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US outbound: IRS CAP programme reopens with attention to transfer pricing

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Mark Horowitz, Thomas Bettge, Mark Martin, and Theresa Kolish of KPMG assess the IRS’s reopening of the CAP programme, noting that the updated programme seeks to address transfer pricing issues.

On June 14 2019, the Internal Revenue Service's (IRS) Large Business & International Division (LB&I) announced that the compliance assurance process (CAP) programme will consider new applicants for the first time since 2015. CAP, a programme for large corporate taxpayers, involves a real-time audit with the goal of reaching agreement on tax items prior to the filing of a tax return for the year. If the taxpayer's return is filed consistently with the agreed upon positions, it will be accepted without challenge via the LB&I's issuance of a "no change" letter, though for critical or controversial issues a closing agreement may be used for additional certainty. After a few years in the CAP, taxpayers may move into the "CAP maintenance" phase, where they receive less scrutiny but still receive a "no change" letter. CAP taxpayers who pose the least risk may enter a "bridge phase", in which they receive no scrutiny. While such taxpayers will not receive "no change" letters, the LB&I has assured taxpayers that subsequent audits are not anticipated and would occur only in exceptional cases.

Because the CAP programme aims to resolve issues prior to the filing of a return, transfer pricing issues have often posed difficulties for the CAP. Taking into account LB&I guidance on post-filing transfer pricing examinations and statistics promulgated by the IRS's advance pricing agreement (APA) programme, this is not surprising. The LB&I's guide on the transfer pricing examination process contemplates that examinations of transfer pricing issues will frequently take 2-3 years. Moreover, as of 2018, IRS APA programme statistics indicate that it takes an average of 33.4 months, or almost three years, to finalise a unilateral APA reflecting agreement on the treatment of transfer pricing issues between a taxpayer and the IRS. Clearly, attempting to reach agreement on such issues in the CAP on a yearly basis prior to filing each year's return poses extreme challenges, and may lead to results that are suboptimal from the perspective of both taxpayers and the IRS.

The LB&I has historically expressed concern regarding the viability of the the CAP programme for taxpayers with complex transfer pricing issues, and following a 2016 announcement that the CAP would not accept new participants, the future of the programme was cast in doubt. However, an August 2018 announcement affirmed that the IRS would continue and expand the CAP, while announcing new changes that helped to coordinate the CAP and transfer pricing issue resolution, among other things.

The June 2019 announcement explains that the LB&I intends to open the CAP to new applicants, and requests that new taxpayers who are considering applying for the programme submit a Statement of Interest by July 26 2019. This Statement of Interest must include a description of the taxpayer's transfer pricing. While submitting a Statement of Interest is the best practice, the LB&I's intent is simply to gauge interest in the CAP for resource allocation purposes, and the LB&I personnel have indicated that taxpayers may apply for the CAP in the autumn even if they have not filed a Statement of Interest by the July deadline.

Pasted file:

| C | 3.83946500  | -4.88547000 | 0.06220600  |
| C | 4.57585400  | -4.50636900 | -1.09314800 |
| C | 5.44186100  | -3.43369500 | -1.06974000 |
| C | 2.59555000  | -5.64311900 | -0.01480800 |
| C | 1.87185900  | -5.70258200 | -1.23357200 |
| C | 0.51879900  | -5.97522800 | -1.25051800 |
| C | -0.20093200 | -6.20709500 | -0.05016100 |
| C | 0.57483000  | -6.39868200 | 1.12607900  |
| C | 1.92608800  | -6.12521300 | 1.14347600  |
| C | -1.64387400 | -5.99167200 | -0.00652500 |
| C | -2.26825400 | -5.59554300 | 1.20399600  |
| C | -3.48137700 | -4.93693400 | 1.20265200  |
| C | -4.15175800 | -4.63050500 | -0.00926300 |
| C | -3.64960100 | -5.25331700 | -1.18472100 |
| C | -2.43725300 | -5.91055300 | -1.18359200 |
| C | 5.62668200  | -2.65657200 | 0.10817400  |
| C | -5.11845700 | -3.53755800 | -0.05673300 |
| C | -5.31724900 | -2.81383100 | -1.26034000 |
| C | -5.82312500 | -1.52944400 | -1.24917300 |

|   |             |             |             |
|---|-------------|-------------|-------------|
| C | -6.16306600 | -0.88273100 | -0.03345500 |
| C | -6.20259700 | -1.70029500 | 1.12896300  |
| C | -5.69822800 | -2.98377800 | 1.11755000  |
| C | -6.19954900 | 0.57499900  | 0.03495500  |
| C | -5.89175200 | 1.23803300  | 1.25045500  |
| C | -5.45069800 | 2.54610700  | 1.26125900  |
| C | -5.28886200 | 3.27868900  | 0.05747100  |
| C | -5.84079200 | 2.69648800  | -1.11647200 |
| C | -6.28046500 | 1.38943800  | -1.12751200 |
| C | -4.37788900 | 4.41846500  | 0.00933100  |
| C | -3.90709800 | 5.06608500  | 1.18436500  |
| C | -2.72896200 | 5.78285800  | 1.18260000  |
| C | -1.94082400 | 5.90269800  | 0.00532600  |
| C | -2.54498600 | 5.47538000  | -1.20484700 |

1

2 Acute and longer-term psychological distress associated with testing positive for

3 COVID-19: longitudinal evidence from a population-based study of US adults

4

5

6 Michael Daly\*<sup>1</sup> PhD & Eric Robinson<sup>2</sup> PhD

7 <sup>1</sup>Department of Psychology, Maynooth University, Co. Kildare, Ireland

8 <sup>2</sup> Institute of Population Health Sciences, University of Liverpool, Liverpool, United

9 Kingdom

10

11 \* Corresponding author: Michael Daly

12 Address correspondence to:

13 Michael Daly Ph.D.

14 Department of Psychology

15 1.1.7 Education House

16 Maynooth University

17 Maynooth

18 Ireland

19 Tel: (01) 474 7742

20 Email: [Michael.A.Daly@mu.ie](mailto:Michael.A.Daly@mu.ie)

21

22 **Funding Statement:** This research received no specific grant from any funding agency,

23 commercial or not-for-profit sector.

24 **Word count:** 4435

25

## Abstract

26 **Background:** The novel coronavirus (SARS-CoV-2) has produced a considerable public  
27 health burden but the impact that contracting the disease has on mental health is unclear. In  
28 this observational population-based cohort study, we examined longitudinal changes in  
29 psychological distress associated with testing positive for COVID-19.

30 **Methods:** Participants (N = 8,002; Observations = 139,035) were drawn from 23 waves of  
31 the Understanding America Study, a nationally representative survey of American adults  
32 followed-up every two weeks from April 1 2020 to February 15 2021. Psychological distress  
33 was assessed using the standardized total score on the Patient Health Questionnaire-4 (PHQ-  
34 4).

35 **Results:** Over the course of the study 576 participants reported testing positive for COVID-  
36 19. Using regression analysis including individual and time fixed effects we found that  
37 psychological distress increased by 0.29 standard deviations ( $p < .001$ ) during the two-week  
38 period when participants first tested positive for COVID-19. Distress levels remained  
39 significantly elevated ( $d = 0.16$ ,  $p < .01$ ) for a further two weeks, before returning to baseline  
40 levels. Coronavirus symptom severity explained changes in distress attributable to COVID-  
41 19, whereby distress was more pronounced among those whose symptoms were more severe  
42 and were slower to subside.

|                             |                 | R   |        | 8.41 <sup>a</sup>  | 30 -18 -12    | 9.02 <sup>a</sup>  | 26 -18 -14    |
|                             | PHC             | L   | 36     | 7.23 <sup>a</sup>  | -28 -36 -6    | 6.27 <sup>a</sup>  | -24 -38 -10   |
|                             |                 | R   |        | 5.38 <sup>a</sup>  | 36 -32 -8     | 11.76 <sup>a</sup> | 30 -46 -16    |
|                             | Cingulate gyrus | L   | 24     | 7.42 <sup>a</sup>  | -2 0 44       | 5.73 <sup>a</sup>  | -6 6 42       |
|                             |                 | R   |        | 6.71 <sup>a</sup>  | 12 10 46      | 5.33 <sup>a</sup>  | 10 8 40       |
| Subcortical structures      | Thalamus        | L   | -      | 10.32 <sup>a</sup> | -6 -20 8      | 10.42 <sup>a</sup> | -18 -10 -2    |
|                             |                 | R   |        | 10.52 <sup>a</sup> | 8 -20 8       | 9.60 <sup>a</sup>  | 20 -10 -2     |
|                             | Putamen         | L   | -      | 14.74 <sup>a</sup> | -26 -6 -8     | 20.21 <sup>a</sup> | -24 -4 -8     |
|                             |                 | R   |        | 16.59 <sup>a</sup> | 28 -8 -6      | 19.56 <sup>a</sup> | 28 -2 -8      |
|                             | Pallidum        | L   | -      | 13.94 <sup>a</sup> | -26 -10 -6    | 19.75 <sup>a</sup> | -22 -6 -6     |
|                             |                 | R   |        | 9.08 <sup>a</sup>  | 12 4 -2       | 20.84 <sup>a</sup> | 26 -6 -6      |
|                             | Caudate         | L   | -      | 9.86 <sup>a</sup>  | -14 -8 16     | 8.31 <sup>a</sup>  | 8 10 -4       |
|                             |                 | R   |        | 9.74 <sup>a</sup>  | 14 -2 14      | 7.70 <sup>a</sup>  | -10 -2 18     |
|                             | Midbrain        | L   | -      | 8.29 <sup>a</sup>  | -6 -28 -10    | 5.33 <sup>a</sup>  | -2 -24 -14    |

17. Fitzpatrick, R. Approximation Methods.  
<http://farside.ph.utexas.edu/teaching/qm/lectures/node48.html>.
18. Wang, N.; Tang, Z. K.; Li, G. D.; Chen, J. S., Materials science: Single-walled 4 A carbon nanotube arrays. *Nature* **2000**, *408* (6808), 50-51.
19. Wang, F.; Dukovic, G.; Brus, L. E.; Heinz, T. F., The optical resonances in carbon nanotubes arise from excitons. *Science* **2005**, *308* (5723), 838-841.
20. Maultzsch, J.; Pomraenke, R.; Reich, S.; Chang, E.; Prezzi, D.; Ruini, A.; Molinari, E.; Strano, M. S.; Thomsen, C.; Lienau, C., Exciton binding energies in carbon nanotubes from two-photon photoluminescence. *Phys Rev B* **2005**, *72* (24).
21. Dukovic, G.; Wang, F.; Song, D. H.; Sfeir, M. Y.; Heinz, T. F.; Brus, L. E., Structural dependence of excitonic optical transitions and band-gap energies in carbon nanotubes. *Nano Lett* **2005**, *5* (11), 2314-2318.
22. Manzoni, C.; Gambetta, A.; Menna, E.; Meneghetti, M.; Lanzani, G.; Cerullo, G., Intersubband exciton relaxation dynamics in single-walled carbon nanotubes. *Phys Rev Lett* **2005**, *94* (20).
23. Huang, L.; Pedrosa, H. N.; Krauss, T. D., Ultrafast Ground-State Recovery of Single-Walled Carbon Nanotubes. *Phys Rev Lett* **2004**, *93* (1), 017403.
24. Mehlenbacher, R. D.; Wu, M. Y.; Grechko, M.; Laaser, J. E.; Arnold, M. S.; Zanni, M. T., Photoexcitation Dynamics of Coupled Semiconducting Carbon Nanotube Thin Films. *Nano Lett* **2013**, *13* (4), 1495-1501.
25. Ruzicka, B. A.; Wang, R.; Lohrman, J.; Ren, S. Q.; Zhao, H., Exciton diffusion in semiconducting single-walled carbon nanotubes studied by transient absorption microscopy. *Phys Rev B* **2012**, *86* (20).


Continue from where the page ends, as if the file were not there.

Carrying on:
The CAP application window for the 2020 CAP year runs from September 1 to October 31 2019. As part of the application, both new and existing CAP taxpayers will have to fill out and submit the model inter-company transaction template (MITT), which requires a variety of transfer pricing information and will be used to select or de-select transfer pricing issues for review in the CAP. Importantly, not all information required by the MITT will be relevant or sensible in every case, and taxpayers should take advantage of the IRS's invitation to supplement the MITT with additional information and analysis contextualising the data in the template.

Beginning in the 2020 CAP year, the LB&I's CAP teams have the authority to require taxpayers to pursue APAs for transfer pricing issues that they deem unsuitable for pre-filing resolution in the CAP. Failure to comply with such a requirement may result in a taxpayer's removal from the CAP programme. How taxpayers present their transfer pricing in the Statement of Interest (if applicable) and the MITT (together with any supplemental materials) will influence this decision. Taxpayers who are able to set forth convincingly their transfer pricing in a way that does not indicate undue risk will likely have a better chance of continuing in the CAP programme without being required to pursue an APA.

These recent updates to the CAP show that the LB&I is paying close attention to transfer pricing and its role in the CAP programme. The changes should provide much needed coordination, allowing taxpayers to obtain pre-filing certainty for transfer pricing issues coordinated through the CAP and, if necessary and desired, complementary certainty on transfer pricing through the APA programme.




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